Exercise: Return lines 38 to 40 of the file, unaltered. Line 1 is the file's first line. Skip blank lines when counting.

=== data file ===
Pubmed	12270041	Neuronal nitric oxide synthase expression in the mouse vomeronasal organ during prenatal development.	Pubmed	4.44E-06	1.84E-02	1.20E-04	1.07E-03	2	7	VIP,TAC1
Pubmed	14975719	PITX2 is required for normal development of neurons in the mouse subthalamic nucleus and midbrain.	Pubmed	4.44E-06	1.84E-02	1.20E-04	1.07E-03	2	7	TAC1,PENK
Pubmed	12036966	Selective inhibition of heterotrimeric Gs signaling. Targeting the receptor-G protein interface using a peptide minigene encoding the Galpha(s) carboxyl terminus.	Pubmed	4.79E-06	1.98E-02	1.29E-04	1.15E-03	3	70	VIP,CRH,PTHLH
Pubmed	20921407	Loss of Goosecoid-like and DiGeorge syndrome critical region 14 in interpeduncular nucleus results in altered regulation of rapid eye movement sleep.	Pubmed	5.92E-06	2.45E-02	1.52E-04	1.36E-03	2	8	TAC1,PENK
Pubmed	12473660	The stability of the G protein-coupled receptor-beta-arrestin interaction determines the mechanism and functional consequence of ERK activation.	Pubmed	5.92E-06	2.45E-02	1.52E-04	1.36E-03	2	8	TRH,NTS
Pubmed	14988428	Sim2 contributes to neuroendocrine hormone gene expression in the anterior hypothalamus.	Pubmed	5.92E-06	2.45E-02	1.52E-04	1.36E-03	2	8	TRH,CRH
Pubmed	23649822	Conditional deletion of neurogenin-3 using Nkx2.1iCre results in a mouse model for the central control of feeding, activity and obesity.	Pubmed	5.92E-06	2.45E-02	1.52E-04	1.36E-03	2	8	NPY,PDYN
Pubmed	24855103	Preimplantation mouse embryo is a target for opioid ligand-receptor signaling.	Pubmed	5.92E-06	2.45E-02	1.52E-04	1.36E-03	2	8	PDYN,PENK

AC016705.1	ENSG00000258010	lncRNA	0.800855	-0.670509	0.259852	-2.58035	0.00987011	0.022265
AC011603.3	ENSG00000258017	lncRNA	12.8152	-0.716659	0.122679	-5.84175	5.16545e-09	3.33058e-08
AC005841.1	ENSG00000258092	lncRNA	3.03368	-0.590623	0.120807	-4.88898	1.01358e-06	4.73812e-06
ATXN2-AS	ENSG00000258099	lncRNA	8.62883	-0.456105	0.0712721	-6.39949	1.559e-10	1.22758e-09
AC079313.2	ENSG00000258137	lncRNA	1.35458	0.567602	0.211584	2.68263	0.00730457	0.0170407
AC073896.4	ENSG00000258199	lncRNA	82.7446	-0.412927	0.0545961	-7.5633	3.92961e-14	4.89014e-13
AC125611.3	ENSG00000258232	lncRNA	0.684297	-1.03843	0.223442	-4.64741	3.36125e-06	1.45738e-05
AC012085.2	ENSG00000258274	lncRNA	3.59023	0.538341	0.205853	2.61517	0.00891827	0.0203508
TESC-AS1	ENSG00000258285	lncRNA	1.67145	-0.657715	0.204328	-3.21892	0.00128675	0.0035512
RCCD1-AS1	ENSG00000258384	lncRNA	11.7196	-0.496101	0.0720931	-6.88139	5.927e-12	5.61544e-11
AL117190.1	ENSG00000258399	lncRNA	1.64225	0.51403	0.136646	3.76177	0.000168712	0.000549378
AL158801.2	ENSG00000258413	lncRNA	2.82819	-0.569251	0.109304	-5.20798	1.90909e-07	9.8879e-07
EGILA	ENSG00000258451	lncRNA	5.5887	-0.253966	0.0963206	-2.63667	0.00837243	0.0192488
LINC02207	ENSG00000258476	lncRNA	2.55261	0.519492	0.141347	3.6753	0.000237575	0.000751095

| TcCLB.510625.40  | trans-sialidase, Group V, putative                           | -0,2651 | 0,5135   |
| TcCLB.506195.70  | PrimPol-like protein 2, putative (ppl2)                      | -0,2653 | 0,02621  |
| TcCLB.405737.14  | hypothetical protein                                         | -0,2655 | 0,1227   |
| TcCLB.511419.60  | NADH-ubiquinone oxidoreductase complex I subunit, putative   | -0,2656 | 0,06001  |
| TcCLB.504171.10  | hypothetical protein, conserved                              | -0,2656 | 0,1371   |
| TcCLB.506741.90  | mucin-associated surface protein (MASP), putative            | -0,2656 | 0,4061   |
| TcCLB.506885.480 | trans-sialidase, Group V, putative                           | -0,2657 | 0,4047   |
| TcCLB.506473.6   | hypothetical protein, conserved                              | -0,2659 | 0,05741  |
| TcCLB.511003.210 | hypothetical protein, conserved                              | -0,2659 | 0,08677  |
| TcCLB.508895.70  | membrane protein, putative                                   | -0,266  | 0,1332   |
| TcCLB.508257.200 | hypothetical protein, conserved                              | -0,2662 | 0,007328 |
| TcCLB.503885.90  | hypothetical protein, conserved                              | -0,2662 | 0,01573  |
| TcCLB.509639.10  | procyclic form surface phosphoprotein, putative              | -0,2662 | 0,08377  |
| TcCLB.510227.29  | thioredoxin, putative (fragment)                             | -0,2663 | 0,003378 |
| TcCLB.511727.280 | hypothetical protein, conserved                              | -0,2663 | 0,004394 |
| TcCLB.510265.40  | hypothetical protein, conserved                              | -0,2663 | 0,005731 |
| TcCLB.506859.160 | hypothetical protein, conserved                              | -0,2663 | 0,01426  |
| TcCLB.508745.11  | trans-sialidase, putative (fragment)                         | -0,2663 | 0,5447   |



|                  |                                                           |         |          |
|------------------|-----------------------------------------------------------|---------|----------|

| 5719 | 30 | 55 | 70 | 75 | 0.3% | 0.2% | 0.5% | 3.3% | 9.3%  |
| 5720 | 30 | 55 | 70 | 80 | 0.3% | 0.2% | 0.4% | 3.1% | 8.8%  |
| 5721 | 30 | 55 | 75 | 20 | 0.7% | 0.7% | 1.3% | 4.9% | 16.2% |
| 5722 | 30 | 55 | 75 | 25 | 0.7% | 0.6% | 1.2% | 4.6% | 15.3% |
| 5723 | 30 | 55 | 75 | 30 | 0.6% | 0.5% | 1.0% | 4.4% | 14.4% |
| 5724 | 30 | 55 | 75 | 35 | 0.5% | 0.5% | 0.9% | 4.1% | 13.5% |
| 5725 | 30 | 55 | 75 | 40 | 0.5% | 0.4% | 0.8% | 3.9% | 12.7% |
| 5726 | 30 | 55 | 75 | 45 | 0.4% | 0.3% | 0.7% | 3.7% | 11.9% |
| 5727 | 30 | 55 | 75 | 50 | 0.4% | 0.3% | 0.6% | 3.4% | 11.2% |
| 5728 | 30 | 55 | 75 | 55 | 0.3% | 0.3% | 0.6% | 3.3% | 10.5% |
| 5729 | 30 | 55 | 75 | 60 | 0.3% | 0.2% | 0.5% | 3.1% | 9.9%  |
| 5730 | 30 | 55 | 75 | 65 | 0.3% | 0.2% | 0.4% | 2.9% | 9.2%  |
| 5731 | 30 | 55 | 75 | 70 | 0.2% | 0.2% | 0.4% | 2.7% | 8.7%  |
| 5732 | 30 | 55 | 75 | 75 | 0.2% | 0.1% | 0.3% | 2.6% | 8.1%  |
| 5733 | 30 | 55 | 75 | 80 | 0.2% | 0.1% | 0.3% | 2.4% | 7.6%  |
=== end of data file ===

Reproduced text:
| TcCLB.510265.40  | hypothetical protein, conserved                              | -0,2663 | 0,005731 |
| TcCLB.506859.160 | hypothetical protein, conserved                              | -0,2663 | 0,01426  |
| TcCLB.508745.11  | trans-sialidase, putative (fragment)                         | -0,2663 | 0,5447   |